“’Cuz you wouldn’t notice if a cute guy stood in front of you, took off his pants, and said, ‘Ravish me, Rose, I’m yours?” Dora asked.

“Pretty sure that’s a stalker, not a Scout,” Rose explained.

“Oh, cut the imaginary pants-taking-off guy some slack,” Bruce said. “You know, if you girls could just figure out what you wanted. . .”

“. . .You’d have a girlfriend?” Dora finished. “No can do, compadre. Guys have to work for it, too.”

“Bruce is just jealous that Scout is so cute.”

“I don’t know what you’re talking about,” Bruce said, scowling. “How can you even tell if a guy is cute?”

Charlotte rolled her eyes at the whole ‘guy doesn’t know if another guy is good looking’ thing. Bruce was smarter than that.

“Wait,” John said, unexpectedly. “You’re talking about the smile of a guy who was wearing a bandanna?”

“Sure,” Charlotte said. “One of those big masks that comes down over your forehead. A bandanna.”

“Nope,” John said. He pulled his neckerchief up over his nose to cover his mouth and cheeks. “This is a bandanna. It’s what muggers wear up on the roads around here to hide their faces.”

“Oh.” Charlotte felt herself blushing. “I thought I knew what a bandanna was. . .”

“It’s okay, girl,” John said. “It’s not like you forgot that you’d said it halfway through telling your story. Now that would have been dumb.”

Doctor Cambridge cleared her throat. “This really has been quite diverting, but not terribly improving. Girls? How about some botanising? Can anyone tell me what those trees are?”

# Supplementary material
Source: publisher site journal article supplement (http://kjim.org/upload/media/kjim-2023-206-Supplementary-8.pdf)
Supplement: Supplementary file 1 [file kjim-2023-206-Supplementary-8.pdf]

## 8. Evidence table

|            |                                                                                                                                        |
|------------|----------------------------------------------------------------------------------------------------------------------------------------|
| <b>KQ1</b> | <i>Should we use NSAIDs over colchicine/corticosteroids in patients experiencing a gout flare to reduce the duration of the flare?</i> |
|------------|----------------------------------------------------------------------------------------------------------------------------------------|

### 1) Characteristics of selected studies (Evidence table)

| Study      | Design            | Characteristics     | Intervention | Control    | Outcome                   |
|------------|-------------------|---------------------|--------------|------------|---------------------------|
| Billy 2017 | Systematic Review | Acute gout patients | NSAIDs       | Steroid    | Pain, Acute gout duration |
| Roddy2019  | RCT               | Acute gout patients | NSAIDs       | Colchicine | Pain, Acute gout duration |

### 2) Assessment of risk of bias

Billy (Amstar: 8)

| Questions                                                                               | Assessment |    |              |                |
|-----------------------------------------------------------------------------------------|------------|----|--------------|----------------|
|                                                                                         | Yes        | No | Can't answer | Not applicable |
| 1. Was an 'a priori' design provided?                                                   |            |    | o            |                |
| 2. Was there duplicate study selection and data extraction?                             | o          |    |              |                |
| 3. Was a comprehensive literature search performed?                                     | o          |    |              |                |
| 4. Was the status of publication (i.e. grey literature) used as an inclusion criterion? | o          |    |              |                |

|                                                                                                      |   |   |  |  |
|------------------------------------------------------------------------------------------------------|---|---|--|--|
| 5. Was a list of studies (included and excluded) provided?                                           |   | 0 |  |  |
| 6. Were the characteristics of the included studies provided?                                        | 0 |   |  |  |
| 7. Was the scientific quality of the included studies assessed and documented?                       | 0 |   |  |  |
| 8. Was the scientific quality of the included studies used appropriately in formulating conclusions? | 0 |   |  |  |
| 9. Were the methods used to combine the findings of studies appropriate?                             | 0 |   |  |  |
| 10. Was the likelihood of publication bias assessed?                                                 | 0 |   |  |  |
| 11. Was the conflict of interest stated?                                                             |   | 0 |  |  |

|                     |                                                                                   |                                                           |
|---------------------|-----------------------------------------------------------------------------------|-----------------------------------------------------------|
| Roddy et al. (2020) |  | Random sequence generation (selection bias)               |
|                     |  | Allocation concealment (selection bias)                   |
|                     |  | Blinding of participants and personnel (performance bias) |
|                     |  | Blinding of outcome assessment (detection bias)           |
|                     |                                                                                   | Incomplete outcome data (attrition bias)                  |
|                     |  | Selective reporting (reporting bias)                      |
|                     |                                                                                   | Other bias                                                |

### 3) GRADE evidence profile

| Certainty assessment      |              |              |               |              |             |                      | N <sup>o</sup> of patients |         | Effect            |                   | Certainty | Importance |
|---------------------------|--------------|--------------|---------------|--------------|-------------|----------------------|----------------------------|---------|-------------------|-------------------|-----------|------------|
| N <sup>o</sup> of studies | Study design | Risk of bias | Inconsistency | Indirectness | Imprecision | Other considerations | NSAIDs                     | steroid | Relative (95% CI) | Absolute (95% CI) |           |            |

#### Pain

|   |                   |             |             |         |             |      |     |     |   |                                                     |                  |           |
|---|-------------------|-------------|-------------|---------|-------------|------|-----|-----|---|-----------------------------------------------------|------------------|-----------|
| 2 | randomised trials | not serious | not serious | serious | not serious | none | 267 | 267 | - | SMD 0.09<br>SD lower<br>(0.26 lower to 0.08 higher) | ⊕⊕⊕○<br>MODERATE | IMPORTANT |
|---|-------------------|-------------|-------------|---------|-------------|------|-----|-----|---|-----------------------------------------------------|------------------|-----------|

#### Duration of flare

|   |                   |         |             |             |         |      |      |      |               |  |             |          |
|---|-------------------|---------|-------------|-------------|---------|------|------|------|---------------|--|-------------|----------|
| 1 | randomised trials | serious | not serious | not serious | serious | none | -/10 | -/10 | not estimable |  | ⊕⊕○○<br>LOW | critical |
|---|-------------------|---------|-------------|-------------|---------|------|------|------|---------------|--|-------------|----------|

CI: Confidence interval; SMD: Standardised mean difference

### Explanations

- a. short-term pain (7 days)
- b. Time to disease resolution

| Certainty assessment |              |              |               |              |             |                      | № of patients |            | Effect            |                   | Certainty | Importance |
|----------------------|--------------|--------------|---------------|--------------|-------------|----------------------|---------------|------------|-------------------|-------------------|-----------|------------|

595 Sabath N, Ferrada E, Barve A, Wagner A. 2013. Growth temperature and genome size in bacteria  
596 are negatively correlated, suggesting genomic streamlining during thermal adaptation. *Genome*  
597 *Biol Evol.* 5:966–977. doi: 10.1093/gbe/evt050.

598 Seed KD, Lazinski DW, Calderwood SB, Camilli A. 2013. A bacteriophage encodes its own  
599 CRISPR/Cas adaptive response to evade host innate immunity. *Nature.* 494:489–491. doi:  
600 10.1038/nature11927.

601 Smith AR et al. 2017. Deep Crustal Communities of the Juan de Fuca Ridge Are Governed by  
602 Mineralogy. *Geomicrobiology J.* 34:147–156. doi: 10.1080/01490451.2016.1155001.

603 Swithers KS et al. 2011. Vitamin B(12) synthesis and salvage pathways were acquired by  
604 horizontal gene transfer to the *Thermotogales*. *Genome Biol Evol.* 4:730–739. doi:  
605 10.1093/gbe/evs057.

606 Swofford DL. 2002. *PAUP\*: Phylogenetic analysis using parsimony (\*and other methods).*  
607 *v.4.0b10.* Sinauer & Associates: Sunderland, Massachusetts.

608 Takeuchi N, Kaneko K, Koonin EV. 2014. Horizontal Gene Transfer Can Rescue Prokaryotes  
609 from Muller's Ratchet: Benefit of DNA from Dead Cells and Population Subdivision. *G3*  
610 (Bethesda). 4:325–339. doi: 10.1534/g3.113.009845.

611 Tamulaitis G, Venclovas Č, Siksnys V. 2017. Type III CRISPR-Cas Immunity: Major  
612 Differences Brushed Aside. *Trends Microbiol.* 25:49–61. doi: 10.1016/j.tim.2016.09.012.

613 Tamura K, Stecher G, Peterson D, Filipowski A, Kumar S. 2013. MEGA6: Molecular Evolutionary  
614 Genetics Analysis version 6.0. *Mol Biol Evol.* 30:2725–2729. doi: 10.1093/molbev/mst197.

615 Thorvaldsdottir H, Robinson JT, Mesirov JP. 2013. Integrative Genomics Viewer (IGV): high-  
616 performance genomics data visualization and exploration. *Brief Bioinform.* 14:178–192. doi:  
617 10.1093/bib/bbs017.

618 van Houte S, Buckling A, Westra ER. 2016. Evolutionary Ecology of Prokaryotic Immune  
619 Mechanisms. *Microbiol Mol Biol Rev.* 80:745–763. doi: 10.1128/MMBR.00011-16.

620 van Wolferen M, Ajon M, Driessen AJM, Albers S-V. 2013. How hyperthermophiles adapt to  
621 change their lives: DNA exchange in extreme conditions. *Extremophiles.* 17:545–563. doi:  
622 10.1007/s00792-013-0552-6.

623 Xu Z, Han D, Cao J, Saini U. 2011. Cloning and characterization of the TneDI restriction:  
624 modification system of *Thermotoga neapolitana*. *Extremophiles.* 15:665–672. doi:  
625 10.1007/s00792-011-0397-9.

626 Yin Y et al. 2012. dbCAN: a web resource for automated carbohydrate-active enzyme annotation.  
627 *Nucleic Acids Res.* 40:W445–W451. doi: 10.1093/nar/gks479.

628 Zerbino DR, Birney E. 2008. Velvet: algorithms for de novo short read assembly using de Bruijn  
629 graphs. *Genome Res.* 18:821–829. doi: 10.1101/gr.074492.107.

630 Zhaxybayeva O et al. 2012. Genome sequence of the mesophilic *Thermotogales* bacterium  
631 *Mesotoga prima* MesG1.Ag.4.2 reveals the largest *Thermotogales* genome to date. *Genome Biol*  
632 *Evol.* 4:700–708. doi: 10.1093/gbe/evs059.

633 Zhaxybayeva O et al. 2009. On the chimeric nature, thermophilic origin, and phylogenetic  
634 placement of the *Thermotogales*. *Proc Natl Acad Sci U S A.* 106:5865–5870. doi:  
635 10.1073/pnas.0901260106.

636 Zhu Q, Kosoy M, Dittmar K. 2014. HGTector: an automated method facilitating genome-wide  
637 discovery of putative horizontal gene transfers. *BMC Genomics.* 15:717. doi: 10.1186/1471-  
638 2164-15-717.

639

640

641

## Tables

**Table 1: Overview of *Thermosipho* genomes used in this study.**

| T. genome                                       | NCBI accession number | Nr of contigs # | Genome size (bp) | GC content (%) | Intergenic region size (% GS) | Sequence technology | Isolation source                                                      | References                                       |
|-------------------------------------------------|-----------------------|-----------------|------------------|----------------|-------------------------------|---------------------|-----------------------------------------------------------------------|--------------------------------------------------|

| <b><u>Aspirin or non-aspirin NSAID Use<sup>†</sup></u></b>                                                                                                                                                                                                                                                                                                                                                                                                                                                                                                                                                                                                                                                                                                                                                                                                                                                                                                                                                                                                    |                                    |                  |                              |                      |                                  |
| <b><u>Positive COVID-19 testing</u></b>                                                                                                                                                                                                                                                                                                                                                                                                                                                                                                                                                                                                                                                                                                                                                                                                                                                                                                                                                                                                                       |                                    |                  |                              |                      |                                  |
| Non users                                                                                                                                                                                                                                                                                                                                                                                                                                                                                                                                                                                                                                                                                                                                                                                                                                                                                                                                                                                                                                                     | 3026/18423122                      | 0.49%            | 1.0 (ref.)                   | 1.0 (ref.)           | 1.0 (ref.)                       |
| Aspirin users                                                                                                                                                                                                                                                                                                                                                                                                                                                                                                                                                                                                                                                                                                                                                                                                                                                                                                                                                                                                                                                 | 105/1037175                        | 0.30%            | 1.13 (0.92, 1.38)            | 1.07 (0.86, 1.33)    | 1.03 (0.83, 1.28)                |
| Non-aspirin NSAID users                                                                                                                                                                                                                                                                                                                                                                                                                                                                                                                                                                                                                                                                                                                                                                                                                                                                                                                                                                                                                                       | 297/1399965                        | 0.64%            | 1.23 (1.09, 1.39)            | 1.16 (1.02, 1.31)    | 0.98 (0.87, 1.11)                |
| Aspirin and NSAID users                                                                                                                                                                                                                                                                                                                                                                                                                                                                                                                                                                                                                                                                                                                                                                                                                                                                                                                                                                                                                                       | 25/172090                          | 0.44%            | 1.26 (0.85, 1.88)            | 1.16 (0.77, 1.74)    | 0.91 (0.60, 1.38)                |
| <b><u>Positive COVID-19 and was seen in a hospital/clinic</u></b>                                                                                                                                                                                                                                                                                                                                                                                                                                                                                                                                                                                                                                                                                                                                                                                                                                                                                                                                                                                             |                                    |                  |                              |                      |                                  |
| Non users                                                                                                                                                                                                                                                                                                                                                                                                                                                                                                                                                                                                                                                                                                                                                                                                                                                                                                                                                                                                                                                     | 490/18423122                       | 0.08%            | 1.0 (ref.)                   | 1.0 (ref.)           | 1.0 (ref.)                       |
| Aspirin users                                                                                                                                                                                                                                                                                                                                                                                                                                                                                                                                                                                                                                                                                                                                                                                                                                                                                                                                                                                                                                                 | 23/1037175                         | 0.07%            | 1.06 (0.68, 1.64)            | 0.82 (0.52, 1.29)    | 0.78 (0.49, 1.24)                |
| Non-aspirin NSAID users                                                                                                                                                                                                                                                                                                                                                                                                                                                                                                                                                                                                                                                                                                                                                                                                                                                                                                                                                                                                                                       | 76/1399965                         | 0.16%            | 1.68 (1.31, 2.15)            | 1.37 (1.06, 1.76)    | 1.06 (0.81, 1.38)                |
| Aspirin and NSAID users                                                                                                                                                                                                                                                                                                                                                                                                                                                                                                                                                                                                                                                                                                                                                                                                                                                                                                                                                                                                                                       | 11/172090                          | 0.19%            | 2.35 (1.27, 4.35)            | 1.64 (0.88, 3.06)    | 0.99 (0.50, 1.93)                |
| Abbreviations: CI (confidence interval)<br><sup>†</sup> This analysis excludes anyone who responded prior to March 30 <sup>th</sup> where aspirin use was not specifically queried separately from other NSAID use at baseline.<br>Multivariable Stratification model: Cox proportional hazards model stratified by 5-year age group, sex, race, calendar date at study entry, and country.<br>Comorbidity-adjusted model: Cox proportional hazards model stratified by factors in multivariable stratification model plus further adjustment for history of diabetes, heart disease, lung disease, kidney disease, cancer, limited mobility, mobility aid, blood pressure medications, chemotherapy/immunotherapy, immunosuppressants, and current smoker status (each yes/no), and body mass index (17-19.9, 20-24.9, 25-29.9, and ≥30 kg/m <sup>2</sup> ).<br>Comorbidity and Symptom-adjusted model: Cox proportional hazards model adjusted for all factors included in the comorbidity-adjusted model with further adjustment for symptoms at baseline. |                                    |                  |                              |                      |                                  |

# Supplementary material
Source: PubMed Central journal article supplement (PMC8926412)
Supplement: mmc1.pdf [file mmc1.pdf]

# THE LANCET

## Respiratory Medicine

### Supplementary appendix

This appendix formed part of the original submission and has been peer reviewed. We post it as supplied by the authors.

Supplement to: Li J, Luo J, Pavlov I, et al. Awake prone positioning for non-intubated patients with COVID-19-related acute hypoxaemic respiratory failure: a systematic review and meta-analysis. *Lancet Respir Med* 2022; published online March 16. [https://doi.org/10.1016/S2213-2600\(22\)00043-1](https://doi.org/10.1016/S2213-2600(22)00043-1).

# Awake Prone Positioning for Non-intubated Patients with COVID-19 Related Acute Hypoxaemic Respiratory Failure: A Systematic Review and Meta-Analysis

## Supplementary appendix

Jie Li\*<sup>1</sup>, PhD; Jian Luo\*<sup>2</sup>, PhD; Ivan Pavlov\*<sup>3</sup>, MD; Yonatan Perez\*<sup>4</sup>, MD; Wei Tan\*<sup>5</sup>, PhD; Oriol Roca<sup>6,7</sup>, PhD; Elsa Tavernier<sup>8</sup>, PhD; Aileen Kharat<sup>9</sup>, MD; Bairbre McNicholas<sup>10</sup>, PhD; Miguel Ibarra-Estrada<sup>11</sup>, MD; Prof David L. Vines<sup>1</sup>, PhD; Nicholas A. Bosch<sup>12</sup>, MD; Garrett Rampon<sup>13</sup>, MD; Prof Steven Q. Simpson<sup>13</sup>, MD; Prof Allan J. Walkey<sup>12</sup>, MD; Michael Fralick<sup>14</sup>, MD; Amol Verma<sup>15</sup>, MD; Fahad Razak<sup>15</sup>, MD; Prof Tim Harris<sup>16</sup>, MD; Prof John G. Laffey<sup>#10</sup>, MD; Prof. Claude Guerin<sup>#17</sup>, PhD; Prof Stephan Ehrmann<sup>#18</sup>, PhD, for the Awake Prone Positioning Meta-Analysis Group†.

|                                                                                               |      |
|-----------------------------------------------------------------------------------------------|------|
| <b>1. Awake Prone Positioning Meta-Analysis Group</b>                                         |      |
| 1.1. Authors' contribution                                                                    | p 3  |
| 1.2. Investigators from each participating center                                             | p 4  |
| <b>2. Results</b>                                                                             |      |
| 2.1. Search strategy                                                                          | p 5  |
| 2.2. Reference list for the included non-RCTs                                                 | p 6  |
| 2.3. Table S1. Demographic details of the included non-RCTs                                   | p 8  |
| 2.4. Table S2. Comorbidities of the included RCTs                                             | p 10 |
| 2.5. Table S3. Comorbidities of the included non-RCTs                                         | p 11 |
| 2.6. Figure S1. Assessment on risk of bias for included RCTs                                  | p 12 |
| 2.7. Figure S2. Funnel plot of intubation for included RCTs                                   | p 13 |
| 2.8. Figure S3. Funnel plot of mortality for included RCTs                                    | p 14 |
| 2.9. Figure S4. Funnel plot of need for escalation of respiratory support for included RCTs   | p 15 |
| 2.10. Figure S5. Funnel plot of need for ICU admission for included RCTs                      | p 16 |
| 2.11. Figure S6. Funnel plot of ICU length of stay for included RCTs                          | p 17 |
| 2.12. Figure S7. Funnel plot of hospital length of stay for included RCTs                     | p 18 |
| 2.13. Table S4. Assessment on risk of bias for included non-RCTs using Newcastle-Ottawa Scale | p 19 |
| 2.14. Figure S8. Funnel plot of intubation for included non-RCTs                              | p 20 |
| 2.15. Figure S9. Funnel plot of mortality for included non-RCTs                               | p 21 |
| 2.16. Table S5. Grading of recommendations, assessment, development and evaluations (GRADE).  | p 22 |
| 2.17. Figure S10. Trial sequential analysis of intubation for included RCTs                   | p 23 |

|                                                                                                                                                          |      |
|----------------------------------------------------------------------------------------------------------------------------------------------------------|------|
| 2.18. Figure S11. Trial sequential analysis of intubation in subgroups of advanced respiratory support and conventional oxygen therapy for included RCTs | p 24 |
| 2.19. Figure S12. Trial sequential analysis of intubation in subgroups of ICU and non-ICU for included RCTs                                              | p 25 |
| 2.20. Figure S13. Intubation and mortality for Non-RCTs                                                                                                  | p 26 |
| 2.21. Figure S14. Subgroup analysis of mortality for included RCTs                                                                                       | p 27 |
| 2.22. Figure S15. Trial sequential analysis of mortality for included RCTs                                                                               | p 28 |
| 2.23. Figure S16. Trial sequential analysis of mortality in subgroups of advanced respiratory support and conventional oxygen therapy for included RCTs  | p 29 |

Charlotte stared at their guardian. What kind of frigging Victorian novel had she just channeled?

“The leafy ones are cottonwoods. The conifers on the slope up there are mountain hemlocks, and the ones down in the draw are junipers,” Rose said, sounding bored. “So, John. What’s a Geithner’s Strike?”

“That takes me back a bit,” John answered. “Before my time, but the Colony got its start, when someone, probably the supervillain Teleios, kidnapped the population of a town of Kenora, Ontario, Canada, and dropped them here on New Earth along with a couple thousand of his clone soldiers.”

“But…” Rose began.

“Oh, yeah, we know that’s not what actually happened. Everyone who came out of that spaceship way back in 1984 was younger and fitter, and, who knows, probably stronger and smarter than they remembered being. They were all clones, too, we realise that now, but that’s not what their memories said.” 

John took a swig of lemon water out of his jug, then leaned over the edge of the wagon and spat, because that’s what guys do when they’re giving expository dialogue in Westerns. And also because the dust was settling over the wagon so thick that it was like having someone spraying chalk dust into your mouth every second it was open. No wonder muggers wore bandannas over their mouths. The amazing part was that anyone didn’t.